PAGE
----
Clinically, invasive trichosporonosis may occur in disseminated or localized forms, former being more common. Formation of hyphae may assist in the invasion of tissues(7). An acute febrile illness not responding to antibacterial therapy, rapidly progressing to multi-organ failure and sepsis syndrome characterize invasive trichosporo-nosis; lungs and kidneys are most commonly involved. Localized invasive infection confined to heart valves, CNS, peritoneum and surgical wounds have also been described.

The source of T. beigelii in our patient could not be ascertained. It is unlikely to be from the hospital environment since the fungus was not isolated from any other patient in the pediatrics ward during the prolonged stay of our patient. Possibly, the source is endogenous, but no predisposing risk factors for invasive disease by this fungus was detectable. Failure to find any bacteriological cause, including Mycobacteria, lack of clinical response to empirical antibacterials, isolation of T. beigelii from a normally sterile site (pleural fluid), and good response to antifungal therapy point to an etiological role by this rare fungus.

Response to treatment with antifungals is frequently poor in patients with invasive T. beigelli infection, due to profound immuno-suppression and serious underlying conditions presenting a therapeutic challenge(2). Conser-vative management with single antifungal agent like Amphotericin B, flucytosine, fluconazole and ketoconazole has been effective in only few cases. Resistance to Amphotericin B and evolution of disease, often fatal progression despite continuing amphotericin B has been described(8). While successful treatment with liposomal ampho-tericin B(3) and itraconazole(9) has been reported, most of the workers suggest a combination antifungal therapy. Removal of catheters along with antifungals has also been helpful in certain situations. In some cases splenectomy was beneficial.

The clinical experience worldwide has shown that the drug used for the treatment of trichosporonosis is probably not as important as the status of the underlying disease of the host(2) and immunological recovery is the most important factor for favorable out-come(10). The rapid clinical improvement seen in our patient following administration of antifungals could possibly be attributed to intact immune function. This case illustrates the need for clinical vigilance in situations unresponsive to conventional anti-infective therapy and seek laboratory evidence for rare mycotic agents to institute appropriate management strategies.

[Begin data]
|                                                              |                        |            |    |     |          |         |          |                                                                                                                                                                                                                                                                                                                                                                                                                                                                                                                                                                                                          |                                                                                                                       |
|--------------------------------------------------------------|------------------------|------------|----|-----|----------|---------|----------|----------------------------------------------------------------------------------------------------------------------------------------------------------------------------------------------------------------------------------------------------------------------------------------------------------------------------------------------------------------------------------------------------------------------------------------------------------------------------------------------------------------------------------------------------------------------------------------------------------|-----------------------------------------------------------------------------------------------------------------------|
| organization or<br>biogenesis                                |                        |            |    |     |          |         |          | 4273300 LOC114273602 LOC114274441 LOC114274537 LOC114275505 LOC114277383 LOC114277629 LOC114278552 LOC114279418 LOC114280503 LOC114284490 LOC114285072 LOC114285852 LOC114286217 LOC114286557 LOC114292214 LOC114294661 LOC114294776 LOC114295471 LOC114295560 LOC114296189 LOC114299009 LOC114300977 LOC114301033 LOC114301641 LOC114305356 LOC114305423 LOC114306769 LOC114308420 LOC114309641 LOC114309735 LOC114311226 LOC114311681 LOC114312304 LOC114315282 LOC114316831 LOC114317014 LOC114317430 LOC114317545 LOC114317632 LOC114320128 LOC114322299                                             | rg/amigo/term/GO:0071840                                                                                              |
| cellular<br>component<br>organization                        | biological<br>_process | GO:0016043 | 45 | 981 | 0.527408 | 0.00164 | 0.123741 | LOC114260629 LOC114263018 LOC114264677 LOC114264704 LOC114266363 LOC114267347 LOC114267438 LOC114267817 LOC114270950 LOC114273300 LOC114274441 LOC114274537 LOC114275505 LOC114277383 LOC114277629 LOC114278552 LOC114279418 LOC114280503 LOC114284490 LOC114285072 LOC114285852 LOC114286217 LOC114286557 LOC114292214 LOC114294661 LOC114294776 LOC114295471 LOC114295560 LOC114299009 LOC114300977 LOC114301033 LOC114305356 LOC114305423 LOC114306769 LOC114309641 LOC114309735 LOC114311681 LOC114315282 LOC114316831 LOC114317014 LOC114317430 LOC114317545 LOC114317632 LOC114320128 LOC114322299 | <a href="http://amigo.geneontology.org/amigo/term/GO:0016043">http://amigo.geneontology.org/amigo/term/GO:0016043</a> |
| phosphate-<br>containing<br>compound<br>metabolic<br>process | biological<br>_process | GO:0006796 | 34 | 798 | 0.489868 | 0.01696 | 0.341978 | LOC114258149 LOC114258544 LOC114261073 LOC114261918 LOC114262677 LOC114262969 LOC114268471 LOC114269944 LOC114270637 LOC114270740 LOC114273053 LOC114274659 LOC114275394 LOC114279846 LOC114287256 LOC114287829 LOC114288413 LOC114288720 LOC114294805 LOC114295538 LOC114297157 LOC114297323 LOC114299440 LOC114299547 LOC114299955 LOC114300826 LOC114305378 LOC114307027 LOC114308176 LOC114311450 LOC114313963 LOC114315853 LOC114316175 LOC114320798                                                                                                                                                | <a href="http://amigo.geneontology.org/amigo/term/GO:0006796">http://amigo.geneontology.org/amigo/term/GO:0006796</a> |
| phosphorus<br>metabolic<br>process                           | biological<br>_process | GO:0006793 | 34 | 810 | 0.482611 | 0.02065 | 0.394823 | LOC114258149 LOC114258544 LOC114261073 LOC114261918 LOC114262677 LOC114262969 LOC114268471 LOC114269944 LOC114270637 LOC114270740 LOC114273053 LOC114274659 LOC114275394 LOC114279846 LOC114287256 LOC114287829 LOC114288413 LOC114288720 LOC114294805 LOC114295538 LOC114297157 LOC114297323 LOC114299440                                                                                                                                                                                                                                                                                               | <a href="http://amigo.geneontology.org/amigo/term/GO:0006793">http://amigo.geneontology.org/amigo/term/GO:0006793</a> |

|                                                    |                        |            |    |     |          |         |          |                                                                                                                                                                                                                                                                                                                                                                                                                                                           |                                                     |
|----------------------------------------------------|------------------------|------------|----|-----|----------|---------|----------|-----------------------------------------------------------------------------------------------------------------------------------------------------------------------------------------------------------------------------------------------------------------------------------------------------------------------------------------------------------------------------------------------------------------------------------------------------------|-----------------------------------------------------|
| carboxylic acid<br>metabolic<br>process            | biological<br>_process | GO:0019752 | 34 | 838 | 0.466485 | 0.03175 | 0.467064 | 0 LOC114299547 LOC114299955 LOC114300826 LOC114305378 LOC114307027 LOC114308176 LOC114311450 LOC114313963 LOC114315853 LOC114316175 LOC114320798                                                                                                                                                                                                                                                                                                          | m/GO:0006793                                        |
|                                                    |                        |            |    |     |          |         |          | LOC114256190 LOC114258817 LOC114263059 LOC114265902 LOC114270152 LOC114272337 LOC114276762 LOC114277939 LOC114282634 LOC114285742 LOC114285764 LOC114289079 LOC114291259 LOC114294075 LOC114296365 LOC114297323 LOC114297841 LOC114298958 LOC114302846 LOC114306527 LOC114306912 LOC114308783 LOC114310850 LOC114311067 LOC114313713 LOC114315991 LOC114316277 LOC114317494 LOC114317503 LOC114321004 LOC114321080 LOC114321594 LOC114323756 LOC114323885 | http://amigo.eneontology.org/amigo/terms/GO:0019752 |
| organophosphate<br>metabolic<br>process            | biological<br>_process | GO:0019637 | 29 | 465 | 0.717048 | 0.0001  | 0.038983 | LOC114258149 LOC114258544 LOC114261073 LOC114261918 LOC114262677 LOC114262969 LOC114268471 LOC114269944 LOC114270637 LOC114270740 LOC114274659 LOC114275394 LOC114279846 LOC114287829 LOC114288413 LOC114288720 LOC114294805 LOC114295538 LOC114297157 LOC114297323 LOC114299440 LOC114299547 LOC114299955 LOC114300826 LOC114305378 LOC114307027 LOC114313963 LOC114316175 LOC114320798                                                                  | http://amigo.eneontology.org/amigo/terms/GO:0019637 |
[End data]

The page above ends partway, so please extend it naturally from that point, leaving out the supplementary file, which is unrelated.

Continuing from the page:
Contributors: KS was responsible for work-up, literature review and drafting the manuscript. He will act as the guarantor for the paper. VGR was responsible for microbiological isolation, literature review, final review and draft of the manuscript. VK was responsible for day to day care of the child and manuscript preparation. BK did microbiological processing and analysis. RS was responsible for overall management and manuscript review.

Funding: None.
Competing interests:
None stated.

Key Messages

  • Trichosporon beigelii is a rare fungus increasingly recognized in immunocompromised subjects which can rarely affect healthy children.

  • Clinical vigilance helps in instituting appropriate management strategies.

  • Management is challenging with poor response to antifungal agents.




 1. Watson KC, Kallichurum S. Brain abscess due to Trichosporon cutaneum. J Med Microbiol 1979: 3:191.

2. Cox GM, Perfect JR. Cryptococcus neofor-mans var neoformans and gatti and Tricho-sporon species. In: Topley and Wilsonís Microbiology and Microbial Infections: Vol 4. Medical Mycology, Eds. Ajello L, Hay R.J., Arnold, Great Britain, 1998; pp 474-479.

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6. Schaffner A, Davis CE, Schaffner T, Markert M, Douglas H, Braude AI. In vitro susceptibility of fungi to killing by neutrophil granulocytes discriminates between primary pathogenicity and opportunism. J Clin Invest 1986; 78: 511-524.

7. Nahass GT, Rosenberg SP, Leonardi CL, Penneys NS. Disseminated infection with Trichosporon beigelii. Report of a case and review of cutaneous and histologic mani-festations. Arch Dermatol 1993; 129: 1020-1023.

8. Yoss BS, Sautter Rl, Brenker HJ. Tricho-sporon beigelii, a new neonatal pathogen. Am J Perinatol 1997; 14: 113-117.

9. Canales MA, Sevilla J, Gutierrez E, Hernandez Navaro F. Successful treatment of Trichosporon beigelii pneumonia with itra-conazole. Clin Infect Dis 1998; 26: 999-1000.

10. Erer B, Galimberti M, Lucarelli G, Giardini C, Polchi P, Baronciani D, et al. Tricho-sporon beigelii: A life threatening pathogen in immunocompromised hosts. Bone Marrow Transplant 2000; 25: 745-749.